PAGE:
Mar 10:6 KJV But from the beginning of the creation God made them male and female.
The Pharisees tested Jesus by asking Him to explain His view on divorce. Jesus began His discourse by asserting that in the beginning of creation God made male and female, thereby, He alluded to Adam and Eve. Since Jesus attested to the existence of Adam and Eve, who are we to judge otherwise.
If we trust the Word of God, and are satisfied that Adam and Eve really existed, we can confidently find more answers.
Adam Chose Eve Rather Than the Lord
Adam forfeited all the blessings of the Garden of Eden through his disobedience. Why did he do that?
Jud 1:6 KJV And the angels which kept not their first estate, but left their own habitation, he hath reserved in everlasting chains under darkness unto the judgment of the great day.
God imputed Adam with certain attributes, but immutability was not one of them, he was subject to change. Nevertheless, he did have freewill similar to the angels who had the ability to choose between loyalty and rebellion.
Personally, I do not believe mankind has freewill to the same degree as Adam prior to his fall. The only exception being freewill in secular matters, allthough marginalised and impaired by outside influence.
The capacity to assimilate the options available is essential to freewill. On understanding the alternatives, desire increases, only then choice becomes attainable.
1Co 2:13-14 KJV Which things also we speak, not in the words which man’s wisdom teacheth, but which the Holy Ghost teacheth; comparing spiritual things with spiritual. 14 But the natural man receiveth not the things of the Spirit of God: for they are foolishness unto him: neither can he know them, because they are spiritually discerned.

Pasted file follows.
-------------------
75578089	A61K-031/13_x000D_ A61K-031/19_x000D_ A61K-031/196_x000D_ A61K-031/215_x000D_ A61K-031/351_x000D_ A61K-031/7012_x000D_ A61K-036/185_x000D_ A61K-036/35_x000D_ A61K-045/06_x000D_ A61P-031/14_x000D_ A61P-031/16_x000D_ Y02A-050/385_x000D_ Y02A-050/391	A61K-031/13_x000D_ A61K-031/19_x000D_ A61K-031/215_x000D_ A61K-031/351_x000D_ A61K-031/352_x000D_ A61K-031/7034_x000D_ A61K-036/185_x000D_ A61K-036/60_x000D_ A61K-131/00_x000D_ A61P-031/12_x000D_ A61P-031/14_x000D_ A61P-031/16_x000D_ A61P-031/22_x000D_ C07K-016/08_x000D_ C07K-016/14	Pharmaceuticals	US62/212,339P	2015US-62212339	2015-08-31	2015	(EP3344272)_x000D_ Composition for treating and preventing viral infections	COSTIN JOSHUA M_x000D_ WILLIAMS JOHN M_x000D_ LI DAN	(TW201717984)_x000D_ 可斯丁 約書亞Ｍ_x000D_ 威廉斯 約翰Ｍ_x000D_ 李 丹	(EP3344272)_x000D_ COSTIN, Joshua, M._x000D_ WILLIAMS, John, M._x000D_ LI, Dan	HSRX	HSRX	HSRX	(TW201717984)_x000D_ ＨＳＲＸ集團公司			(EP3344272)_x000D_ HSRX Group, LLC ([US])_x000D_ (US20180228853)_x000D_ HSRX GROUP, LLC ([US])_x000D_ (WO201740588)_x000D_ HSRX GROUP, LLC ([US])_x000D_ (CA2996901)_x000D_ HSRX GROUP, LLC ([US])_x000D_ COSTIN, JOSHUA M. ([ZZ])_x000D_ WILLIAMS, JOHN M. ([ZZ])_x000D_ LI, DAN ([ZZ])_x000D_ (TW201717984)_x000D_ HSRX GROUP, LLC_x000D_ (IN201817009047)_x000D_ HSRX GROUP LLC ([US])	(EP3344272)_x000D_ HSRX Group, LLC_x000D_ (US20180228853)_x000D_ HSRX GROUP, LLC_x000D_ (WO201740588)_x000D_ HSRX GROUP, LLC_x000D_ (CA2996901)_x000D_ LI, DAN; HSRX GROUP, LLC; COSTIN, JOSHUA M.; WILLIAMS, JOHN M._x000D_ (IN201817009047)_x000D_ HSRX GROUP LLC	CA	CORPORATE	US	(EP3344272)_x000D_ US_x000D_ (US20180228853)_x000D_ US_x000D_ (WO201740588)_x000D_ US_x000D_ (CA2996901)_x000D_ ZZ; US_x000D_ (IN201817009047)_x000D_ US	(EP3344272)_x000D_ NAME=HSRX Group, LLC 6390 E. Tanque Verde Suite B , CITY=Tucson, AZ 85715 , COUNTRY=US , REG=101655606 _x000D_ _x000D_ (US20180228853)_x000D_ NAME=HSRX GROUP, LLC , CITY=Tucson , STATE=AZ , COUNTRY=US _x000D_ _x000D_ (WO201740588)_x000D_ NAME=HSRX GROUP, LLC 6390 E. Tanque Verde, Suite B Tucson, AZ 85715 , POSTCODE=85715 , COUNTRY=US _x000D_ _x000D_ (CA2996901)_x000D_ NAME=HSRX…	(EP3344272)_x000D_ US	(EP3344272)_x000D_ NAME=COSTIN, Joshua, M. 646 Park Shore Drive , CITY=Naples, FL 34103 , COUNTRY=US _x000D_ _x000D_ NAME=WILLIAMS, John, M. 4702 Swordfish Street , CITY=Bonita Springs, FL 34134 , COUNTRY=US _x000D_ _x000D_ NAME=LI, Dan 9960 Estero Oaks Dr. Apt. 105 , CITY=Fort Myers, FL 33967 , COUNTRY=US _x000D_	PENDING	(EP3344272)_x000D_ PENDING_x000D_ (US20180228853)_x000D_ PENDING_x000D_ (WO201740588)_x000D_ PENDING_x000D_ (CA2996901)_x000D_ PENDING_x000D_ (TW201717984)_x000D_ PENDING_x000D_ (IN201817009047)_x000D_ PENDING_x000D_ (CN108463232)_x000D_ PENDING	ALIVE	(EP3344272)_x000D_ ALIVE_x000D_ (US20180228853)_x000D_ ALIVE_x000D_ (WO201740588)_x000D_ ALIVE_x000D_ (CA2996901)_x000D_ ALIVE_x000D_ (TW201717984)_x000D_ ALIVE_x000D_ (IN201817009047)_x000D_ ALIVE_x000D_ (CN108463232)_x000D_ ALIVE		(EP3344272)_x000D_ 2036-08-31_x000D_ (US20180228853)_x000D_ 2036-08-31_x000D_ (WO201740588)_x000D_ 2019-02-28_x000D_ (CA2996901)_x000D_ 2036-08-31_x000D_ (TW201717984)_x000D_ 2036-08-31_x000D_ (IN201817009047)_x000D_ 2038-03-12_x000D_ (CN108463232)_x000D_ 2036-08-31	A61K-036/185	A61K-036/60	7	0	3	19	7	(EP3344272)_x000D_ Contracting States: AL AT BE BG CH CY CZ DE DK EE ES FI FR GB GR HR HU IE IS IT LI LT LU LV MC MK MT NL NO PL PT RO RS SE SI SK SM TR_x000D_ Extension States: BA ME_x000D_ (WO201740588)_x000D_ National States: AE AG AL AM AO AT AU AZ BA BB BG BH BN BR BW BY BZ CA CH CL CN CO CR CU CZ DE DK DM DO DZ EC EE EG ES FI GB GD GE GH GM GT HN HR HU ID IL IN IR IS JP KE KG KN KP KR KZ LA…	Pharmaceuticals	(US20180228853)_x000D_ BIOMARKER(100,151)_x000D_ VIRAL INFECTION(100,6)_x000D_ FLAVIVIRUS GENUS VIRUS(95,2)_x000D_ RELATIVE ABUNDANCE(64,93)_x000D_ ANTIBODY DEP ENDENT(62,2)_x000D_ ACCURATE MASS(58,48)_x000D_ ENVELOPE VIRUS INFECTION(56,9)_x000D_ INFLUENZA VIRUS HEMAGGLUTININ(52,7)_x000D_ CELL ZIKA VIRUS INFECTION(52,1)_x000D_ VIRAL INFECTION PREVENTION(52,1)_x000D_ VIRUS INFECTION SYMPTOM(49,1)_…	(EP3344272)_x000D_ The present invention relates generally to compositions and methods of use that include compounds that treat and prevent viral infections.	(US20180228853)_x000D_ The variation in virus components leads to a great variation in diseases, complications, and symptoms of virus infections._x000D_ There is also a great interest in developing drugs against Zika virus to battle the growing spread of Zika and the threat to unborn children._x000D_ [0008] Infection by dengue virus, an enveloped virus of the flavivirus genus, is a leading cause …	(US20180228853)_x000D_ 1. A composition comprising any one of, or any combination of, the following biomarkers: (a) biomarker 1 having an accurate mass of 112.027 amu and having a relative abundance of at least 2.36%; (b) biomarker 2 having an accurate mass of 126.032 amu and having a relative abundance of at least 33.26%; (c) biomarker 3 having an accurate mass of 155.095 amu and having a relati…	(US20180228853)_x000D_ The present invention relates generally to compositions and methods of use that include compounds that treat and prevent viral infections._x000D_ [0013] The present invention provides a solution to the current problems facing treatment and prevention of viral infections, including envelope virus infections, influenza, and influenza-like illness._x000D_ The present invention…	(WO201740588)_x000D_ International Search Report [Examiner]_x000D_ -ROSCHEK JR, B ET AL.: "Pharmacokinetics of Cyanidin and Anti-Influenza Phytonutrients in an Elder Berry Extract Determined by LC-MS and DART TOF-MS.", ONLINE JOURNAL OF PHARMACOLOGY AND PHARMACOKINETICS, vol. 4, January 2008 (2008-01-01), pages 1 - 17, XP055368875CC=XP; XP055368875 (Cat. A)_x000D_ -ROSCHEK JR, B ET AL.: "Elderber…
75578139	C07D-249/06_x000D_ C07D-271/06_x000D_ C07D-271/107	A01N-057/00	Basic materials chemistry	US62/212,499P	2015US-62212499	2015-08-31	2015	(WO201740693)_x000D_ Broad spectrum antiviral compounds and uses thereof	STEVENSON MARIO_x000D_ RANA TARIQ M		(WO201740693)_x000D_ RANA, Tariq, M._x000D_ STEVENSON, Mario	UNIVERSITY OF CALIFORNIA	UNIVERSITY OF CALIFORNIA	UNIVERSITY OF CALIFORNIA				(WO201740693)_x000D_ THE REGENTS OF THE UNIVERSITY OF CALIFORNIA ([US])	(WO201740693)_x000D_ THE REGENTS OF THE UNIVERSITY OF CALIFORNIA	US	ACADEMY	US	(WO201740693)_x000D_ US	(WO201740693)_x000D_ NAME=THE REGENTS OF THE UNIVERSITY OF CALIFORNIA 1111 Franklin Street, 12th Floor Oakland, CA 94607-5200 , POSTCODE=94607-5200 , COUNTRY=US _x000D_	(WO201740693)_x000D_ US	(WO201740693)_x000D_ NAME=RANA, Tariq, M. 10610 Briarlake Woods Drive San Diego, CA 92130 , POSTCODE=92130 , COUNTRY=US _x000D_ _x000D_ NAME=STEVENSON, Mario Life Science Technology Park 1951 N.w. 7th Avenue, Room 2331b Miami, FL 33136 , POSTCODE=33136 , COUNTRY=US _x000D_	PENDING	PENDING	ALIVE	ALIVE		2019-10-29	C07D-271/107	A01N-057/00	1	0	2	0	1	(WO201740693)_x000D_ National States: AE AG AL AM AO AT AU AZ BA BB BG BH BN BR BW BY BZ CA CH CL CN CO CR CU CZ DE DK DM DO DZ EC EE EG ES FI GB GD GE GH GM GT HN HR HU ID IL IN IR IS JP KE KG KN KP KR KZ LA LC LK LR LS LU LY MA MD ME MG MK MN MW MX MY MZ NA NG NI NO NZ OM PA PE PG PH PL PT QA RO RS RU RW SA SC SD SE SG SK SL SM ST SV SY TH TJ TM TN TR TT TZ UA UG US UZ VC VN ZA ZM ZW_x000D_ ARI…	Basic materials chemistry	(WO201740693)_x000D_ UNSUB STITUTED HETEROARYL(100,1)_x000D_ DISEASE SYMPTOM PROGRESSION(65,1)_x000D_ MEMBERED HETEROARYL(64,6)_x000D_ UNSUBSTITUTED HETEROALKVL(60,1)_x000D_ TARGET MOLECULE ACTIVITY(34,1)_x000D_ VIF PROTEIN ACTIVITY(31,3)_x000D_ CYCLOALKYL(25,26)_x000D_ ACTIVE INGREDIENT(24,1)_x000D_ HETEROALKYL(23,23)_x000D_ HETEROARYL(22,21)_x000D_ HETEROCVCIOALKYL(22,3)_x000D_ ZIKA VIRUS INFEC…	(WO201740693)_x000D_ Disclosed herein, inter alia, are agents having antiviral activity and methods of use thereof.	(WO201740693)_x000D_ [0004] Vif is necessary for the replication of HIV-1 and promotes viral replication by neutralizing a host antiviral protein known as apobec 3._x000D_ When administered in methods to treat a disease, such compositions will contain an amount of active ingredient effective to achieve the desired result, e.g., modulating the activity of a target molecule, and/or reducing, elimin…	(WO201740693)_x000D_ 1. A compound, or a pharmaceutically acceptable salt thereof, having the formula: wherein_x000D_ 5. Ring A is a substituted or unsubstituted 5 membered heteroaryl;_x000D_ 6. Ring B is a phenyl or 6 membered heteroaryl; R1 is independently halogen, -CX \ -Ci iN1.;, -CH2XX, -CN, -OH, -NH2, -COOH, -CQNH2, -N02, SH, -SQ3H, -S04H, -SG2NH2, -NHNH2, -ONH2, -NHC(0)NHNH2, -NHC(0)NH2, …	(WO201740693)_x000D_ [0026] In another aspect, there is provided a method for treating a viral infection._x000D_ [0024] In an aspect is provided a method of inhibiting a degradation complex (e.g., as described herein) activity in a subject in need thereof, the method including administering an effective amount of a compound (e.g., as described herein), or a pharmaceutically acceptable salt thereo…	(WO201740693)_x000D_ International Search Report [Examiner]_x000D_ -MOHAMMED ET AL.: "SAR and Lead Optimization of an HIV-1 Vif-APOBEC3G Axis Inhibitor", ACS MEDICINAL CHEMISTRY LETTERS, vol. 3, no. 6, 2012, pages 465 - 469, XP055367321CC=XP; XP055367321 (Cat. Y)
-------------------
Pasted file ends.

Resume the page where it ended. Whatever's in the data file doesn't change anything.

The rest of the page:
Regarding spiritual matters ‘man’ does not have freewill, because ‘man’s’ natural mind cannot grasp spiritual concepts. Natural ‘man’ is dead in trespasses and sin and consequently unable to discern spiritual matters, therefore desire and choice remain quiescent.
Adam could comprehend from experience a spiritual relationship with God his creator, and a loving relationship with his wife. His desire was realised when he rejected the Lord and chose Eve.
The Deaths of Adam
Adam lived, died, continued to live, and died at 930 years of age, how could that be? God said if he ate the fruit of the tree of the knowledge of good and evil, he would die that day.
Gen 2:17 KJV But of the tree of the knowledge of good and evil, thou shalt not eat of it: for in the day that thou eatest thereof thou shalt surely die.
Some scholars claim that although Adam did not die physically that day, by applying the often misquoted ‘one day is with the Lord as a thousand years’… 2 Peter 3:8 they deduce he began to die.
Adam was told categorically he would die that day. Who are we to challenge such a clear statement?
Gen 3:4-5 KJV And the serpent said unto the woman, Ye shall not surely die: 5 For God doth know that in the day ye eat thereof, then your eyes shall be opened, and ye shall be as gods, knowing good and evil.
Satan told Eve she would not die. God said they would die. I believe God!
Gen 3:6 KJV And the eyes of them both were opened, and they knew that they were naked; and they sewed fig leaves together, and made themselves aprons.